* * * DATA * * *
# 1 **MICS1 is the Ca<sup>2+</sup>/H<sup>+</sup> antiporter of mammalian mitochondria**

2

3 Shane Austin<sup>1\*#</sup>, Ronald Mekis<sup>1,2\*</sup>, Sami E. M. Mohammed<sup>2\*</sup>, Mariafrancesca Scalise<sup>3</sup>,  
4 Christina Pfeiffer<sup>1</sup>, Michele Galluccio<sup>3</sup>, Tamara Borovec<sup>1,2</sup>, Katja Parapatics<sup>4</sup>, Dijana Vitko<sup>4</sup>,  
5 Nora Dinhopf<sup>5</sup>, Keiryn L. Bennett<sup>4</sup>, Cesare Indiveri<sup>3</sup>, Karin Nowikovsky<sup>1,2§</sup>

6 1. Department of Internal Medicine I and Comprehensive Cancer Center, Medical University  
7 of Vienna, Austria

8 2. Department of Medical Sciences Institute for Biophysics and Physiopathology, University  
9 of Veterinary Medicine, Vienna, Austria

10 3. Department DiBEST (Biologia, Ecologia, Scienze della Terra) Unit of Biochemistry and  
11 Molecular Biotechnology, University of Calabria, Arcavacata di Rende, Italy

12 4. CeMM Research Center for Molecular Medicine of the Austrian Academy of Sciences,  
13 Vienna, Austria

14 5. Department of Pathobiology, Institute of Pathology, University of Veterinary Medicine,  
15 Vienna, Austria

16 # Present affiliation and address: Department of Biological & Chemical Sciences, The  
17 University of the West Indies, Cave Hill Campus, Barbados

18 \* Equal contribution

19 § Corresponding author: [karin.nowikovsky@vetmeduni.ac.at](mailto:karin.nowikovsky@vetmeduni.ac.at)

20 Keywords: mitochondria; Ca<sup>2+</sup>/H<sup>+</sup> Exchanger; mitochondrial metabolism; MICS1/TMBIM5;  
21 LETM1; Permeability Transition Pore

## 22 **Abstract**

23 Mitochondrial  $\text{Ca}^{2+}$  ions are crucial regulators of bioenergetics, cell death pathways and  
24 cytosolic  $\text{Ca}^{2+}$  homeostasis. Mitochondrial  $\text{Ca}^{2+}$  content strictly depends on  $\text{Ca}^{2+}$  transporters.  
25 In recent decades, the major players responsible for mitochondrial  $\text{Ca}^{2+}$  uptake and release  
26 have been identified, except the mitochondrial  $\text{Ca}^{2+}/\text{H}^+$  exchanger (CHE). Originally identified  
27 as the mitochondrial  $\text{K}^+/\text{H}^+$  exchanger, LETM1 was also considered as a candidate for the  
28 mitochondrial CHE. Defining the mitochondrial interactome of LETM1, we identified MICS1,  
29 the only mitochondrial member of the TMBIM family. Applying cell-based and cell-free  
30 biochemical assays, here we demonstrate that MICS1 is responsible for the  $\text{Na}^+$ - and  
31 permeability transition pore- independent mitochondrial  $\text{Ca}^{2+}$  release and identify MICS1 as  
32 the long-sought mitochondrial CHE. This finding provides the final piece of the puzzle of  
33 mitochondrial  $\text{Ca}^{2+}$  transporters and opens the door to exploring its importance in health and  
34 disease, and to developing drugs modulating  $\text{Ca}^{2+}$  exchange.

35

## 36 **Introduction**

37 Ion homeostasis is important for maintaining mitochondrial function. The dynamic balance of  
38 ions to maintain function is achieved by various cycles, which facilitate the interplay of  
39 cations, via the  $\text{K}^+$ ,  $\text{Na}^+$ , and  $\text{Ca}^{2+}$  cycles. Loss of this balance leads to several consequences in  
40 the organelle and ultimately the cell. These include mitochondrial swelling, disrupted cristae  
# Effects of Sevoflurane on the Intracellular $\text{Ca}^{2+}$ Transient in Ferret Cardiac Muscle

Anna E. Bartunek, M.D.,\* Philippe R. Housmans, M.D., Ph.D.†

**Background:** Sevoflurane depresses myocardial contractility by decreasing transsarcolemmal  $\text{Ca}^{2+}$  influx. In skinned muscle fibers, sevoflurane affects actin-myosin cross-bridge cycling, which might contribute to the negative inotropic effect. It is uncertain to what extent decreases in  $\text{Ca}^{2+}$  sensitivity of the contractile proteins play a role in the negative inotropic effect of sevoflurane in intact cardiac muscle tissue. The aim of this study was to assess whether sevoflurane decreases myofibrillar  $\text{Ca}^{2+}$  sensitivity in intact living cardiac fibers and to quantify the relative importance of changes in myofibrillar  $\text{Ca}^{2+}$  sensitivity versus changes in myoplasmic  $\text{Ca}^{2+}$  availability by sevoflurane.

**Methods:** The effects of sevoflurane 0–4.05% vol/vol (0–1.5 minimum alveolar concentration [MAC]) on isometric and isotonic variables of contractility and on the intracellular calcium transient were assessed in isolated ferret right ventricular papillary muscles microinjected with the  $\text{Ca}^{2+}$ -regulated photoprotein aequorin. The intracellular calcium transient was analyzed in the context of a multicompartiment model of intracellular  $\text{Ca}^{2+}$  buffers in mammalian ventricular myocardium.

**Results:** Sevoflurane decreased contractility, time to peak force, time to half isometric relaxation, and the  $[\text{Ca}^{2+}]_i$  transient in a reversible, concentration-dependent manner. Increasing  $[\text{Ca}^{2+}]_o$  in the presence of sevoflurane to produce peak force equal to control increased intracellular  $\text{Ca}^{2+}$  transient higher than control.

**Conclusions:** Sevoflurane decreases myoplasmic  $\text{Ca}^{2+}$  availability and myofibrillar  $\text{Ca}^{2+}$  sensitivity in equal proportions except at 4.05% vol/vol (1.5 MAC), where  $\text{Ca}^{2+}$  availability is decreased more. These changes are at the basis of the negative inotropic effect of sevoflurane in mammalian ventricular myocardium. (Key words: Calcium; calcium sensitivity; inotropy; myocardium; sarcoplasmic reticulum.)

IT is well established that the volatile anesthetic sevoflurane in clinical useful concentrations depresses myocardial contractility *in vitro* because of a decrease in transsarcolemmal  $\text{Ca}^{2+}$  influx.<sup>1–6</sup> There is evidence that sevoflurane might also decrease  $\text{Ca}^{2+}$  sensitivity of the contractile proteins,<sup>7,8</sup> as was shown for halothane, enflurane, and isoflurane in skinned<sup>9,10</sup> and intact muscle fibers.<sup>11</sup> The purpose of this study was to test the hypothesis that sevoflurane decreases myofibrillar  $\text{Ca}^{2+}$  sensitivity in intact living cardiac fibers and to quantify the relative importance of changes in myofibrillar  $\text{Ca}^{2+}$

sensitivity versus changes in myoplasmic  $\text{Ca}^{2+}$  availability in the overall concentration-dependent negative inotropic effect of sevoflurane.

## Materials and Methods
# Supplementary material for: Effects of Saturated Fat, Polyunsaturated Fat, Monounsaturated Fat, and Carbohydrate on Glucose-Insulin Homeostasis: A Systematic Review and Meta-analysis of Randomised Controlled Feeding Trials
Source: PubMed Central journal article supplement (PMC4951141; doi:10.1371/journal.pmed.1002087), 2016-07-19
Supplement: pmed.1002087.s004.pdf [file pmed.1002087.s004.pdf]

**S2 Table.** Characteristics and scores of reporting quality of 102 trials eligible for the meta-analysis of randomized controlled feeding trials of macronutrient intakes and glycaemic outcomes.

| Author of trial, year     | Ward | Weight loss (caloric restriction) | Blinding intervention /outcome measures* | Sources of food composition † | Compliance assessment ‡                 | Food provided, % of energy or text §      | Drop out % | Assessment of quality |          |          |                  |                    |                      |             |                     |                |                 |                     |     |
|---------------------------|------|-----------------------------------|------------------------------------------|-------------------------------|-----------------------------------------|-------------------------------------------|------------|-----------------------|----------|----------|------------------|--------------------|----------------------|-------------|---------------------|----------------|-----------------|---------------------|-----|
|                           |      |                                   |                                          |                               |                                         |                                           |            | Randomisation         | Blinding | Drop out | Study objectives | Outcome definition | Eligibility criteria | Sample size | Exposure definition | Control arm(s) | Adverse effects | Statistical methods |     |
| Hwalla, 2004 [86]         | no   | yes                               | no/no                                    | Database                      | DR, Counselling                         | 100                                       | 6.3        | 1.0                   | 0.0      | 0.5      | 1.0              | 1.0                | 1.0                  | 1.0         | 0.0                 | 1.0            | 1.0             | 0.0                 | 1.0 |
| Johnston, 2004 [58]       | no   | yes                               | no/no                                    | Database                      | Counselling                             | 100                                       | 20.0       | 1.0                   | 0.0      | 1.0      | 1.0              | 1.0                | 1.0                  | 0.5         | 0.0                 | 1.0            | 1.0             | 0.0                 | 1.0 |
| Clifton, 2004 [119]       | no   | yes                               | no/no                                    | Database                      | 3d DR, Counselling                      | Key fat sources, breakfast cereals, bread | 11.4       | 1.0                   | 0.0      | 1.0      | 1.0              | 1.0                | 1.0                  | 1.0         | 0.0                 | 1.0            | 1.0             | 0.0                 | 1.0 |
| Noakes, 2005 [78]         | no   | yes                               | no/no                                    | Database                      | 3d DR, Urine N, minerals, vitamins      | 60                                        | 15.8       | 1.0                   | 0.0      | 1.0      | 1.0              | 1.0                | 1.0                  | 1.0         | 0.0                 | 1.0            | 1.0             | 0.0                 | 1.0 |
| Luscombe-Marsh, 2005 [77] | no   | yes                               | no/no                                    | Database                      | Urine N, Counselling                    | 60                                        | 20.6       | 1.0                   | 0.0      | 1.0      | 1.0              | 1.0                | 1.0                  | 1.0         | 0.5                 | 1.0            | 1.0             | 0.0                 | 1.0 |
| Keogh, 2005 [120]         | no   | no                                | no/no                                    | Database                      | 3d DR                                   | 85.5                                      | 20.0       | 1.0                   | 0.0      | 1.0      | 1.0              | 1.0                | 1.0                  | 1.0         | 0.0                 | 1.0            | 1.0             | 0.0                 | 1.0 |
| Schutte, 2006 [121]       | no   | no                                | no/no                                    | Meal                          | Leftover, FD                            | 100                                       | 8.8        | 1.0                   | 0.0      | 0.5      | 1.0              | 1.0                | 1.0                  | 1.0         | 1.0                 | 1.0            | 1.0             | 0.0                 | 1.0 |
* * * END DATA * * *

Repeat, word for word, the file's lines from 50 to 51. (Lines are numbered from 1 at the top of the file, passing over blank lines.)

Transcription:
# Supplementary material for: Effects of Saturated Fat, Polyunsaturated Fat, Monounsaturated Fat, and Carbohydrate on Glucose-Insulin Homeostasis: A Systematic Review and Meta-analysis of Randomised Controlled Feeding Trials
Source: PubMed Central journal article supplement (PMC4951141; doi:10.1371/journal.pmed.1002087), 2016-07-19